From Addiction To Sobriety: Starting The Journey

Overcoming addiction involves a lot more than simply giving up drugs or alcohol. You will improve your chances of maintaining sobriety if you develop an understanding of what addiction is and what led you to it. Entering a program of treatment for substance abuse will help you in this quest to sobriety.

No Two Addiction Journeys Are The Same

One of the most important things for you to know is that your addiction story is yours and yours alone. Addiction is deeply rooted in the context of the person it’s happening to: it arises as a result of the unique circumstances in that person’s life. For some people, the primary root cause is trauma; for others, it is chronic pain or mental illness.

Therefore, it is important not to compare your experiences with addiction with those of somebody else. No two people are the same, and no two paths to addiction are the same.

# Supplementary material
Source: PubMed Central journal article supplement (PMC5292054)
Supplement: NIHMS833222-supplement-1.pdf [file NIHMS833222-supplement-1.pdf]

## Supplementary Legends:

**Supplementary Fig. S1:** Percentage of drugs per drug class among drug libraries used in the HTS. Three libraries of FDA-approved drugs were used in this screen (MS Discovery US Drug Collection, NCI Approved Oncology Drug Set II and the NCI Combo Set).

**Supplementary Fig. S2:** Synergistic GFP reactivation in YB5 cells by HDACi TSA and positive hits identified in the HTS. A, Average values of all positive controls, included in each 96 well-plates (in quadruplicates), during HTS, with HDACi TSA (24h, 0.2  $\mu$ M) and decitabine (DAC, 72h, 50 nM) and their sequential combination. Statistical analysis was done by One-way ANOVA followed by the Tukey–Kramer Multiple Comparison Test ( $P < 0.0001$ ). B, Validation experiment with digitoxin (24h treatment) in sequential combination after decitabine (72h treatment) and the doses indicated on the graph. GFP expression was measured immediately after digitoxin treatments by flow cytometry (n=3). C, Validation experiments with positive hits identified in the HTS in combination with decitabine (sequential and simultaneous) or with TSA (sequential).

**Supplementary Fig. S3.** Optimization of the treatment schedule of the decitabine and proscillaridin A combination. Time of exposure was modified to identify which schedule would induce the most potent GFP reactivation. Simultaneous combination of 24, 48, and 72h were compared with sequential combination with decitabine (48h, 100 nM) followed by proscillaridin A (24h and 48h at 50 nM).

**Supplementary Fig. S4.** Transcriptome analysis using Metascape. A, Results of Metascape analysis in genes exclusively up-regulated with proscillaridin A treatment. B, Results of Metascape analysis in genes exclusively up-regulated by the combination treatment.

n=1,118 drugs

What this means is that everyone’s journey to sobriety is unique as well. There is no singular “right way” to recovery. In most rehab centers, treatment for substance abuse is tailored to each individual, to give everyone the best possible chances of long-term recovery.

What Addiction Is Not

Something that makes addiction difficult to overcome is the stigma surrounding it. Our understanding of addiction has come a long way over the course of the last century, but there are still a lot of people who believe that addiction is a combination of poor choices and irresponsibility. These attitudes prevent a lot of people with addictions from seeking the help they need: they feel that they are not deserving of a better life.

It is impossible to make judgments about someone or their life based on the fact that they have an addiction. Contrary to popular belief, addiction is not a choice. No one picks up a beer or accepts a prescription for painkillers with the intention of becoming addicted.

Addiction is not a sign of poor character or lack of discipline. Most important, having an addiction does not take away from your worth as a human being, or the fact that you deserve the opportunity to make your life better.